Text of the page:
(4) M. R. D. Foot, SOE in France (1966)

It has long been known that SOE was interested in woman-power as well as man-power. In accordance with the body's usual principle - go straight for the objective, across any social or military conventions that may get in the way-ample military use was made of women, both on the staff and in the field. The bulk of the base cipher operators were girls in their late teens, who proved quick, keen, accurate and secure. Most of the clerks, drivers and telephonists, and many of the base wireless operators, were also women; and particularly charming, intelligent, and sensitive women, usually speaking the relevant languages, staffed the holding schools and flats where agents were held in the last nervous hours or days or weeks that intervened between the end of their training and their actual departure on operations.

Less usual work was found for them as well. The present writer argued elsewhere, just before starting on the present subject, that 'there are plenty of women with marked talents for organization and operational command, for whom a distinguished future on the staff could be predicted if only the staff could be found broadminded enough to let them join it'. SOE was such a broad-minded staff. There were women operations officers in AL, F, and RF sections, and F section's intelligence officer, the outstanding Vera Atkins, was a woman; (a head of the training section is even said to have called "really the most powerful personality in the SOE). Moreover women were freely used on operations in the field, when there were tasks they could do; in some cases with much success, as will appear, though in others

also with tragic failure. Some of the blackest passages in the black record of the Nazis' crimes cover their dealings with SOE's women agents.

(5) Vera Atkins was interviewed by Rita Kramer for her book, Flames in the Field (1995)

I have to take the war as a whole. I have the greatest admiration for these people (SOE agents) and they were people I liked, but I can't say they are more deserving of being remembered than - I feel that one mustn't turn them into anyone more heroic than, say, the young pilots of the RAF, going out and knowing perfectly well that of the group that was setting off from a particular aerodrome, some of them, perhaps as many as half, would not return.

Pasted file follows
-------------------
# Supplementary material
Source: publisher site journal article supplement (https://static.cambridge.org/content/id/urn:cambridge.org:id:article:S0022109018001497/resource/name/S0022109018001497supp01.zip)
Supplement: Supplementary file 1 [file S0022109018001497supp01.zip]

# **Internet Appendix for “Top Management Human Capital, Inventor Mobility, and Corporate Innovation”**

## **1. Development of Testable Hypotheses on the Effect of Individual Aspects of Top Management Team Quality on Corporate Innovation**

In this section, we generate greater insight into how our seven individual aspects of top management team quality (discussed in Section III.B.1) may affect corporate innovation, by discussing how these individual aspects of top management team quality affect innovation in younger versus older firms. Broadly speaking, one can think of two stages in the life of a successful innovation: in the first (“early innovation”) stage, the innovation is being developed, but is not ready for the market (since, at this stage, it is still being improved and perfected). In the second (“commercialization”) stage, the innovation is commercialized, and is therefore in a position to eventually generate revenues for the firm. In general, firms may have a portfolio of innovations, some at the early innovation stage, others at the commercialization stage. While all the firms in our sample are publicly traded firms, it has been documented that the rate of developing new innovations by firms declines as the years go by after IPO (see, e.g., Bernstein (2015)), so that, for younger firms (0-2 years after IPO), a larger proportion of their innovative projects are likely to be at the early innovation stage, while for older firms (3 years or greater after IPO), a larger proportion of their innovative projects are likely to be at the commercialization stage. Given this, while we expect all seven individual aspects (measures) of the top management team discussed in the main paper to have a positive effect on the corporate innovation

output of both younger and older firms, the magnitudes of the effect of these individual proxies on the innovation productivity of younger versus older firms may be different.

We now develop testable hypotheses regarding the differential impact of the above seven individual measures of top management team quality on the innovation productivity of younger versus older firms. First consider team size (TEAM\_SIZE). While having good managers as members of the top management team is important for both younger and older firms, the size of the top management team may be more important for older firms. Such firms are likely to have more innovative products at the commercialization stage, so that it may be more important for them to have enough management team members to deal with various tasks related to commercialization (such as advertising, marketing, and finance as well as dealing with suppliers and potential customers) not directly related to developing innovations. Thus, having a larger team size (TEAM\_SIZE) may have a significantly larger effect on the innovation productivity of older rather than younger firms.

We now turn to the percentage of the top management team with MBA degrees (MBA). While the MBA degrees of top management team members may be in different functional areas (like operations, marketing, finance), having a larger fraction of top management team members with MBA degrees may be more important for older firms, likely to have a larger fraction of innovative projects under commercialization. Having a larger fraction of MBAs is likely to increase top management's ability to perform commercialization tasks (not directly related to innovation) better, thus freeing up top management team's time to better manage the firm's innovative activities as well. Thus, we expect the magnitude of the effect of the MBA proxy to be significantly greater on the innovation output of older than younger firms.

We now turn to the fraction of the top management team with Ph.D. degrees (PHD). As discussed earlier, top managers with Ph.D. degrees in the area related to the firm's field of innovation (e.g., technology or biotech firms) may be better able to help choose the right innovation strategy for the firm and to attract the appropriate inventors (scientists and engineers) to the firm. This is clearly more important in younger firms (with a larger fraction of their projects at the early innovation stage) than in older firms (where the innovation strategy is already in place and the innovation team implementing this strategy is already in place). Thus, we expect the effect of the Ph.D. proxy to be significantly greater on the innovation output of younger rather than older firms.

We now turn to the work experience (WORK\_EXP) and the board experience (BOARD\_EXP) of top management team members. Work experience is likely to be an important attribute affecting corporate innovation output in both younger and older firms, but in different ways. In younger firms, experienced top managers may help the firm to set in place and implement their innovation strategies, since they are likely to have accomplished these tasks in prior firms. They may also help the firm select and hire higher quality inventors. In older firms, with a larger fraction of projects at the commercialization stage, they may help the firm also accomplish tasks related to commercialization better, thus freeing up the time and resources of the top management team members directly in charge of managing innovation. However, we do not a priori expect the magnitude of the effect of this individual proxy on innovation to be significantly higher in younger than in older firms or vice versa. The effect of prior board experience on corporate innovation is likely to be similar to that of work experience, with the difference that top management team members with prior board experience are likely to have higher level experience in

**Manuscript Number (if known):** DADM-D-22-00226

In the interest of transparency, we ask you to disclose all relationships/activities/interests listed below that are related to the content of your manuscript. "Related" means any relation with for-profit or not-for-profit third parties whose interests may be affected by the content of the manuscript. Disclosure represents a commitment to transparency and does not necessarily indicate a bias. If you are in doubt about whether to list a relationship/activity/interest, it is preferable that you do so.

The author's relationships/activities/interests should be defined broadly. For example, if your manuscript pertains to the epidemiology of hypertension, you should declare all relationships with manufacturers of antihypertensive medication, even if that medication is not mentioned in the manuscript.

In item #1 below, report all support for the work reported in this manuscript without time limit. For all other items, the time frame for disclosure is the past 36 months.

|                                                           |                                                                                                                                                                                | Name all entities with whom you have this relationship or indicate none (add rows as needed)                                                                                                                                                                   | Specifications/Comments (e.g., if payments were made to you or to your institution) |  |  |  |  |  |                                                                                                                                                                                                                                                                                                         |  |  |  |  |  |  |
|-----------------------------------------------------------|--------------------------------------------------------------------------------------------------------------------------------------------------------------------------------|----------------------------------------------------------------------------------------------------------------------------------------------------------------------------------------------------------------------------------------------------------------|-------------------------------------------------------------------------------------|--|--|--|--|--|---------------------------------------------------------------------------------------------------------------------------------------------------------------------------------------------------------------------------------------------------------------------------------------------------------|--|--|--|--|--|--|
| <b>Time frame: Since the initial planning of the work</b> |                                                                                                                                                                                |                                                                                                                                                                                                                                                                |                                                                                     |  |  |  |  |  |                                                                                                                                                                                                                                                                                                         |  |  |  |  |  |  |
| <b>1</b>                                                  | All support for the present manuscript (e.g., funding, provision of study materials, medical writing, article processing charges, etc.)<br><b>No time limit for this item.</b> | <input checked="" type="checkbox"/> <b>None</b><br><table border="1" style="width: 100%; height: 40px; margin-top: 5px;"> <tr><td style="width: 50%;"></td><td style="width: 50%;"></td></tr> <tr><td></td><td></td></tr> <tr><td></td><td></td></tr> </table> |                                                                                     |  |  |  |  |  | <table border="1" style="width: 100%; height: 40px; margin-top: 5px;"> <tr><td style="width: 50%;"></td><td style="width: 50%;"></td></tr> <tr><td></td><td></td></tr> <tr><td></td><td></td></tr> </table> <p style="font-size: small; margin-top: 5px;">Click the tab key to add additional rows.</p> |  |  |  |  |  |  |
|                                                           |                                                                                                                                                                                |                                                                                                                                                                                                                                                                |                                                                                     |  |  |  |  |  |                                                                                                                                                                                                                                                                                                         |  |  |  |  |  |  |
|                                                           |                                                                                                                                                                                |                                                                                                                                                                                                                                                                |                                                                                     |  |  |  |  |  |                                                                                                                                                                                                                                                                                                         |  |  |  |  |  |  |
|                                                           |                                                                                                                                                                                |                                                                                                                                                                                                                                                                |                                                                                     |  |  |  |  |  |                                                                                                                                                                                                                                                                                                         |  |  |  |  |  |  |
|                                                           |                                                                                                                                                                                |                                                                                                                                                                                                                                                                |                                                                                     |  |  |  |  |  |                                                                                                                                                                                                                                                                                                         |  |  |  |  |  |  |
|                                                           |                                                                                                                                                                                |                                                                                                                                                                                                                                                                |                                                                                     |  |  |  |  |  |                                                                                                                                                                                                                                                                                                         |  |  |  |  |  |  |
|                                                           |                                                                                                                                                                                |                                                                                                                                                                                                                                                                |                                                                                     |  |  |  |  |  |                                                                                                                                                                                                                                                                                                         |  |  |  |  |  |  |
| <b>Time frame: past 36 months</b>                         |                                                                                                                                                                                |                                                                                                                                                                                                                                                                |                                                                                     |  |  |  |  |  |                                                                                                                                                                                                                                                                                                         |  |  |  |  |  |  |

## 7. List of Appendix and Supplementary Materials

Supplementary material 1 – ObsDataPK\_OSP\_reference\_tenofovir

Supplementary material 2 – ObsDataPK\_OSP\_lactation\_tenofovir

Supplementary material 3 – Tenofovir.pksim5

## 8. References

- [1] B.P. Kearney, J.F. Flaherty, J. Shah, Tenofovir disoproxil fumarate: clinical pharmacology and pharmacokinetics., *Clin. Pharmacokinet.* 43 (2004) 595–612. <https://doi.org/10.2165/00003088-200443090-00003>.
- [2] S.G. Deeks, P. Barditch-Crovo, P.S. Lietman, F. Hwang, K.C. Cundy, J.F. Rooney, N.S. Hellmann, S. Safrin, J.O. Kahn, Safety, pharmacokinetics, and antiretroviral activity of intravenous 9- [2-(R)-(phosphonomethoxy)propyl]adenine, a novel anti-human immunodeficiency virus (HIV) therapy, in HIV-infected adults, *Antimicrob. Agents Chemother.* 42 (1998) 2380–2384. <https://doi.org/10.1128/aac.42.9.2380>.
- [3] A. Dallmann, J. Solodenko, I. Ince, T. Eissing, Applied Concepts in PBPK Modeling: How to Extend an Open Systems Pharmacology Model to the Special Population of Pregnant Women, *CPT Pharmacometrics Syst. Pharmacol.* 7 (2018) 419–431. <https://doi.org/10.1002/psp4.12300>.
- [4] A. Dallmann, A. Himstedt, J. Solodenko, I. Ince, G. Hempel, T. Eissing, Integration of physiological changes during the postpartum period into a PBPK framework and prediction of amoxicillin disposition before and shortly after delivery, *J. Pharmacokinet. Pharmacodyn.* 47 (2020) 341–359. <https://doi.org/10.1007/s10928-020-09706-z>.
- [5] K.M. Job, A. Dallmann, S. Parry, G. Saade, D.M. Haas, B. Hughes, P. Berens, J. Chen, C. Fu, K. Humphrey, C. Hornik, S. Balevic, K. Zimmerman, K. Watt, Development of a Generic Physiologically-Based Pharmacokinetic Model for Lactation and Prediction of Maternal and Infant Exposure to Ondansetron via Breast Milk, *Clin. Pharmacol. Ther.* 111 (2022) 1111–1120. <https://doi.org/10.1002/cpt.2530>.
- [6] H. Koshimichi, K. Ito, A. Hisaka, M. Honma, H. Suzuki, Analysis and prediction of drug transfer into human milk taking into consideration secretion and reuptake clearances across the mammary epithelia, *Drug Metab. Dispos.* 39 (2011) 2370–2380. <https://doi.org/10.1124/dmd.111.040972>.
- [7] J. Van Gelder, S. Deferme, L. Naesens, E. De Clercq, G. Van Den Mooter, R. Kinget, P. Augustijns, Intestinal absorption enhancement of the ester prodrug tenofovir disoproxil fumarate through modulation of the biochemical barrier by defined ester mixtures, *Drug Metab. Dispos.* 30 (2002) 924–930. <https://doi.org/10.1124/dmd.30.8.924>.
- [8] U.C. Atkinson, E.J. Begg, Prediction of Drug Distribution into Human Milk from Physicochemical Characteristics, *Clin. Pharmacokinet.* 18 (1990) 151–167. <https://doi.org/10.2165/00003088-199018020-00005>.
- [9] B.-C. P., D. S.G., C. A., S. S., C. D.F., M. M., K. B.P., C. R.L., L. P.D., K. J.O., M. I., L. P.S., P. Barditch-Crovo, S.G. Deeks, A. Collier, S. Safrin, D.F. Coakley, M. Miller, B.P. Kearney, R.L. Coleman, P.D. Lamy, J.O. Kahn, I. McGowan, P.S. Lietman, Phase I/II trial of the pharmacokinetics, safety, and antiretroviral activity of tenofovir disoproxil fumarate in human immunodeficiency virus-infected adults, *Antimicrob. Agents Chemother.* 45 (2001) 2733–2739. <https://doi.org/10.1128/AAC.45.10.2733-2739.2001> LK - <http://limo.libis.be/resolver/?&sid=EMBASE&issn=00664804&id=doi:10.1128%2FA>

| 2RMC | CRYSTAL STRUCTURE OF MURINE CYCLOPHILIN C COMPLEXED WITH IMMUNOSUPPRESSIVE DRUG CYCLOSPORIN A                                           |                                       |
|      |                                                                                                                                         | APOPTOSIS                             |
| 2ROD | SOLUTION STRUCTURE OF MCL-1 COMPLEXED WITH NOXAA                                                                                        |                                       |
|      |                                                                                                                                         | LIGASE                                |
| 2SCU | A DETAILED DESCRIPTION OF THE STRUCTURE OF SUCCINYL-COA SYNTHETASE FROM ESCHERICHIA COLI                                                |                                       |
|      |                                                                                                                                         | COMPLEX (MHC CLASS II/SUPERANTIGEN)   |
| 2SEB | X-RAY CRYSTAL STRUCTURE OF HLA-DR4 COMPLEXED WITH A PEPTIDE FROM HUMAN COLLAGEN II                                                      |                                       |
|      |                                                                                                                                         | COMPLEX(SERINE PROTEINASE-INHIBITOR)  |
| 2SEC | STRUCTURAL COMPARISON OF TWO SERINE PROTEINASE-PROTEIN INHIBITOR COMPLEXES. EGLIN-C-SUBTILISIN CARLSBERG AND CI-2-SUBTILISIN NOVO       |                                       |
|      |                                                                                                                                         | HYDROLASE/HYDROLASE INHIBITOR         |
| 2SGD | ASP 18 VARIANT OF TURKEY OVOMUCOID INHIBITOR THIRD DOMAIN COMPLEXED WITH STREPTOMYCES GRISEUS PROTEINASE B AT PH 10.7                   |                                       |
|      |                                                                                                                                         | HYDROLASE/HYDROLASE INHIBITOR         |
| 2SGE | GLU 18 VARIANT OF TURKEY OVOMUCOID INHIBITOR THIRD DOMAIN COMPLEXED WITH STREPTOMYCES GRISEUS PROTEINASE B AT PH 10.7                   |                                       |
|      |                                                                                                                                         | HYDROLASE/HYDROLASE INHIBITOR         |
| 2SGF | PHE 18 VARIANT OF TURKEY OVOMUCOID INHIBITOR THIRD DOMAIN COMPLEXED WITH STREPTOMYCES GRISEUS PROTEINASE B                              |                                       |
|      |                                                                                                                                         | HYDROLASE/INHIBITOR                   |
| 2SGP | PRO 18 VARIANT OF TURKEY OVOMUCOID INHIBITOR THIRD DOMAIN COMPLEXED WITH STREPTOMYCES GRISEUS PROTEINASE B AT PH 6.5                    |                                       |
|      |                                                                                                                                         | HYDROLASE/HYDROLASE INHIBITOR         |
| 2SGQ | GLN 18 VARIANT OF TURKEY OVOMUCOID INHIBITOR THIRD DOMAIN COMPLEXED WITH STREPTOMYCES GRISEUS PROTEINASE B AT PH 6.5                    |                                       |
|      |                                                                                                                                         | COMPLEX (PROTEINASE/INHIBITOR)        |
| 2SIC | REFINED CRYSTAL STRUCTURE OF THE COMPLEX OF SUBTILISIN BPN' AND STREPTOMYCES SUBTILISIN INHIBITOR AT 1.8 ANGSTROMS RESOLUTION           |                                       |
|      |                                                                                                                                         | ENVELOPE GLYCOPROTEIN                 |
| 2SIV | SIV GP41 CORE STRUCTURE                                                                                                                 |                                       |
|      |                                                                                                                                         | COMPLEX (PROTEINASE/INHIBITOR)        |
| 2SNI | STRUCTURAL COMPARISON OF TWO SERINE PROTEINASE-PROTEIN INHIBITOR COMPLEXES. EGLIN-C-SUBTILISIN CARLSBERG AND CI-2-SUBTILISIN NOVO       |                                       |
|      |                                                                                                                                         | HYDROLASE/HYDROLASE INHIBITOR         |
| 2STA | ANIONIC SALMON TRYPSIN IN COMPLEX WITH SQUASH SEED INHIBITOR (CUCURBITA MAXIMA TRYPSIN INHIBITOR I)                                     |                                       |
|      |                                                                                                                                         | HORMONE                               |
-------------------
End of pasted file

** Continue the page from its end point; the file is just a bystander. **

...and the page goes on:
I don't know what one should remember or what one should forget. I think one should remember forever that Germany - a civilized country - was capable of evolving this theory of the master race, and what they did on the basis of it to the Jews and the Poles and the gypsies and in all the occupied countries in which they creamed off the intelligentsia. The Germans were very easily led. I think that is something that needs to be remembered: how easy it can be to manipulate a whole nation.

Intimidation is a terrible thing and its exercise is increasingly potent, but there will always be an uprising of natural decency. There was resistance by some in Germany, but they were few and far between. Most people just went along with it.

Ordinary people sometimes reveal quite unexpected strengths. These people had no doubts about the importance of defeating Nazism. They undertook risks feeling it was a duty; they made a voluntary sacrifice.

(6) Patrick Howarth worked for the Special Operations Executive during the Second World War and afterwards wrote about his experiences in the book, Undercover (1980)

After the war Vera Atkins had the gruesome task of moving from concentration camp to concentration camp, discovering what the fate of SOE agents had been. A number of Germans found her to be a formidable interrogator. Hugo Bleicher of the Abwehr, for instance, considered her interrogation of him was the most skillful of any to which he was subjected. Peter Churchill, himself a former concentration camp inmate, wrote that, as a result of Vera Atkins's enquiries, the friends and relations of those who had died in concentration camps because of their associations with SOE could at least be assured that nothing was spared in trying to discover the full truth of what had taken place.